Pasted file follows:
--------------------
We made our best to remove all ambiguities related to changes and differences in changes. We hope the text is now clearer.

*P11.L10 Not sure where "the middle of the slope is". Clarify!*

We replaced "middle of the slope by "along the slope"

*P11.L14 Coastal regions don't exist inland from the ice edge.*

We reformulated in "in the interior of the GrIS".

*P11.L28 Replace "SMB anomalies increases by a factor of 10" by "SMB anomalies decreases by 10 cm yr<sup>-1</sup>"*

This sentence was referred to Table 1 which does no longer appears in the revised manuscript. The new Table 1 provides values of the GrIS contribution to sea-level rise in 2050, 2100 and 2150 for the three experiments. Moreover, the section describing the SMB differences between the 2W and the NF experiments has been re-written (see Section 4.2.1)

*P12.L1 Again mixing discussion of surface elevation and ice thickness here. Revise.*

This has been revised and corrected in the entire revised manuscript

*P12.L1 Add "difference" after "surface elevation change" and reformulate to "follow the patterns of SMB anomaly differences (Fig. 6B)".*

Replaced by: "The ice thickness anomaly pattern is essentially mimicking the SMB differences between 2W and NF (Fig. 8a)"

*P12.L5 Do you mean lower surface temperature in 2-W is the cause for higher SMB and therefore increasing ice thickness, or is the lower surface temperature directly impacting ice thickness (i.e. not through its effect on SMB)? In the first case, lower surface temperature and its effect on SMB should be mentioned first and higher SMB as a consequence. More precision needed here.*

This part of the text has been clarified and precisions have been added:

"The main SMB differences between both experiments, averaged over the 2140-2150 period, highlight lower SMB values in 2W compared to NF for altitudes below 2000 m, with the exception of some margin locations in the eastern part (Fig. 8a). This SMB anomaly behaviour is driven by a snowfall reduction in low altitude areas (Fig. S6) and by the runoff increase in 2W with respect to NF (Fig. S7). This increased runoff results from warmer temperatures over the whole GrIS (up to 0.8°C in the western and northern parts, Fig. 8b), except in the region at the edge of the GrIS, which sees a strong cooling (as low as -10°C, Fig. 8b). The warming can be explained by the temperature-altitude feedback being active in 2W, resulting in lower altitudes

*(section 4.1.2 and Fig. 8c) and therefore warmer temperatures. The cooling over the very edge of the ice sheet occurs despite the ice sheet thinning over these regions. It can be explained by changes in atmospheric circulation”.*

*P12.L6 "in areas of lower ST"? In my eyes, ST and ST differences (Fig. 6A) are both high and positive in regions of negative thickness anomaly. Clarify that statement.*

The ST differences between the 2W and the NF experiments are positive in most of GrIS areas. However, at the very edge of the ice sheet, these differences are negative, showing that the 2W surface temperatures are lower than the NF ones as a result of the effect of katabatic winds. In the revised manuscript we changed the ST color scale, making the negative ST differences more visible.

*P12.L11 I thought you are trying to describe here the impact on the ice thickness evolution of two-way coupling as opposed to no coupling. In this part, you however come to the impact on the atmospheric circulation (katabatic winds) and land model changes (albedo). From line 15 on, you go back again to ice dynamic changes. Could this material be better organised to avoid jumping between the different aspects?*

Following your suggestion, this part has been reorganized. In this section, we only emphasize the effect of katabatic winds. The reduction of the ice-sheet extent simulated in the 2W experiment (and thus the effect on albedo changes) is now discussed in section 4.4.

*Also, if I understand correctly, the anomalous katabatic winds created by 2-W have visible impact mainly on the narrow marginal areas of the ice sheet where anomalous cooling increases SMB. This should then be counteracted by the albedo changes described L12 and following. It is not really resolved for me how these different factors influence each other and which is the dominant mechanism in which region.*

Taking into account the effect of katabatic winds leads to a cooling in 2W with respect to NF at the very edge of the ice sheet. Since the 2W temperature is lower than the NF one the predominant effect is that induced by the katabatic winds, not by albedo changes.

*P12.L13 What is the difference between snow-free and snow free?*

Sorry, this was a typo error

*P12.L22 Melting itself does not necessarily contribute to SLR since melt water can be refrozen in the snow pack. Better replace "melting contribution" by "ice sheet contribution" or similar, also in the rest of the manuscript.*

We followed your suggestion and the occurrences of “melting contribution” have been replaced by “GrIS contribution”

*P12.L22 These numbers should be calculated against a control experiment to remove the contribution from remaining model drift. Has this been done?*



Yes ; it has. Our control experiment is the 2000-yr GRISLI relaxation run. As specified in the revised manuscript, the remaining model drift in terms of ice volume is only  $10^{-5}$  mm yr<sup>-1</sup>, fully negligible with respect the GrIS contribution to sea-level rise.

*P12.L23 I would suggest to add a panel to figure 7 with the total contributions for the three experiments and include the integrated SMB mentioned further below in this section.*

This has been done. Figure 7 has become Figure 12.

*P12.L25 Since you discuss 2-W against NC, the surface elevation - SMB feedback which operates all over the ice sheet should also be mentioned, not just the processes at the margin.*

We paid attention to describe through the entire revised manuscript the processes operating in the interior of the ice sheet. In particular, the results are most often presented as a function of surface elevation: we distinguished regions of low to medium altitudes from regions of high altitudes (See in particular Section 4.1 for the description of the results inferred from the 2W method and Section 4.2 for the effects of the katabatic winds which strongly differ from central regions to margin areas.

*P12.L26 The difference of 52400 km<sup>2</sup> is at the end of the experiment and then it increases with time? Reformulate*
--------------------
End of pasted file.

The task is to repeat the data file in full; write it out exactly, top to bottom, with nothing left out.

We made our best to remove all ambiguities related to changes and differences in changes. We hope the text is now clearer.

*P11.L10 Not sure where "the middle of the slope is". Clarify!*

We replaced "middle of the slope by "along the slope"

*P11.L14 Coastal regions don't exist inland from the ice edge.*

We reformulated in "in the interior of the GrIS".

*P11.L28 Replace "SMB anomalies increases by a factor of 10" by "SMB anomalies decreases by 10 cm yr<sup>-1</sup>"*

This sentence was referred to Table 1 which does no longer appears in the revised manuscript. The new Table 1 provides values of the GrIS contribution to sea-level rise in 2050, 2100 and 2150 for the three experiments. Moreover, the section describing the SMB differences between the 2W and the NF experiments has been re-written (see Section 4.2.1)

*P12.L1 Again mixing discussion of surface elevation and ice thickness here. Revise.*

This has been revised and corrected in the entire revised manuscript

*P12.L1 Add "difference" after "surface elevation change" and reformulate to "follow the patterns of SMB anomaly differences (Fig. 6B)".*

Replaced by: "The ice thickness anomaly pattern is essentially mimicking the SMB differences between 2W and NF (Fig. 8a)"

*P12.L5 Do you mean lower surface temperature in 2-W is the cause for higher SMB and therefore increasing ice thickness, or is the lower surface temperature directly impacting ice thickness (i.e. not through its effect on SMB)? In the first case, lower surface temperature and its effect on SMB should be mentioned first and higher SMB as a consequence. More precision needed here.*

This part of the text has been clarified and precisions have been added:

"The main SMB differences between both experiments, averaged over the 2140-2150 period, highlight lower SMB values in 2W compared to NF for altitudes below 2000 m, with the exception of some margin locations in the eastern part (Fig. 8a). This SMB anomaly behaviour is driven by a snowfall reduction in low altitude areas (Fig. S6) and by the runoff increase in 2W with respect to NF (Fig. S7). This increased runoff results from warmer temperatures over the whole GrIS (up to 0.8°C in the western and northern parts, Fig. 8b), except in the region at the edge of the GrIS, which sees a strong cooling (as low as -10°C, Fig. 8b). The warming can be explained by the temperature-altitude feedback being active in 2W, resulting in lower altitudes

*(section 4.1.2 and Fig. 8c) and therefore warmer temperatures. The cooling over the very edge of the ice sheet occurs despite the ice sheet thinning over these regions. It can be explained by changes in atmospheric circulation”.*

*P12.L6 "in areas of lower ST"? In my eyes, ST and ST differences (Fig. 6A) are both high and positive in regions of negative thickness anomaly. Clarify that statement.*

The ST differences between the 2W and the NF experiments are positive in most of GrIS areas. However, at the very edge of the ice sheet, these differences are negative, showing that the 2W surface temperatures are lower than the NF ones as a result of the effect of katabatic winds. In the revised manuscript we changed the ST color scale, making the negative ST differences more visible.

*P12.L11 I thought you are trying to describe here the impact on the ice thickness evolution of two-way coupling as opposed to no coupling. In this part, you however come to the impact on the atmospheric circulation (katabatic winds) and land model changes (albedo). From line 15 on, you go back again to ice dynamic changes. Could this material be better organised to avoid jumping between the different aspects?*

Following your suggestion, this part has been reorganized. In this section, we only emphasize the effect of katabatic winds. The reduction of the ice-sheet extent simulated in the 2W experiment (and thus the effect on albedo changes) is now discussed in section 4.4.

*Also, if I understand correctly, the anomalous katabatic winds created by 2-W have visible impact mainly on the narrow marginal areas of the ice sheet where anomalous cooling increases SMB. This should then be counteracted by the albedo changes described L12 and following. It is not really resolved for me how these different factors influence each other and which is the dominant mechanism in which region.*

Taking into account the effect of katabatic winds leads to a cooling in 2W with respect to NF at the very edge of the ice sheet. Since the 2W temperature is lower than the NF one the predominant effect is that induced by the katabatic winds, not by albedo changes.

*P12.L13 What is the difference between snow-free and snow free?*

Sorry, this was a typo error

*P12.L22 Melting itself does not necessarily contribute to SLR since melt water can be refrozen in the snow pack. Better replace "melting contribution" by "ice sheet contribution" or similar, also in the rest of the manuscript.*

We followed your suggestion and the occurrences of “melting contribution” have been replaced by “GrIS contribution”

*P12.L22 These numbers should be calculated against a control experiment to remove the contribution from remaining model drift. Has this been done?*



Yes ; it has. Our control experiment is the 2000-yr GRISLI relaxation run. As specified in the revised manuscript, the remaining model drift in terms of ice volume is only  $10^{-5}$  mm yr<sup>-1</sup>, fully negligible with respect the GrIS contribution to sea-level rise.

*P12.L23 I would suggest to add a panel to figure 7 with the total contributions for the three experiments and include the integrated SMB mentioned further below in this section.*

This has been done. Figure 7 has become Figure 12.

*P12.L25 Since you discuss 2-W against NC, the surface elevation - SMB feedback which operates all over the ice sheet should also be mentioned, not just the processes at the margin.*

We paid attention to describe through the entire revised manuscript the processes operating in the interior of the ice sheet. In particular, the results are most often presented as a function of surface elevation: we distinguished regions of low to medium altitudes from regions of high altitudes (See in particular Section 4.1 for the description of the results inferred from the 2W method and Section 4.2 for the effects of the katabatic winds which strongly differ from central regions to margin areas.

*P12.L26 The difference of 52400 km<sup>2</sup> is at the end of the experiment and then it increases with time? Reformulate*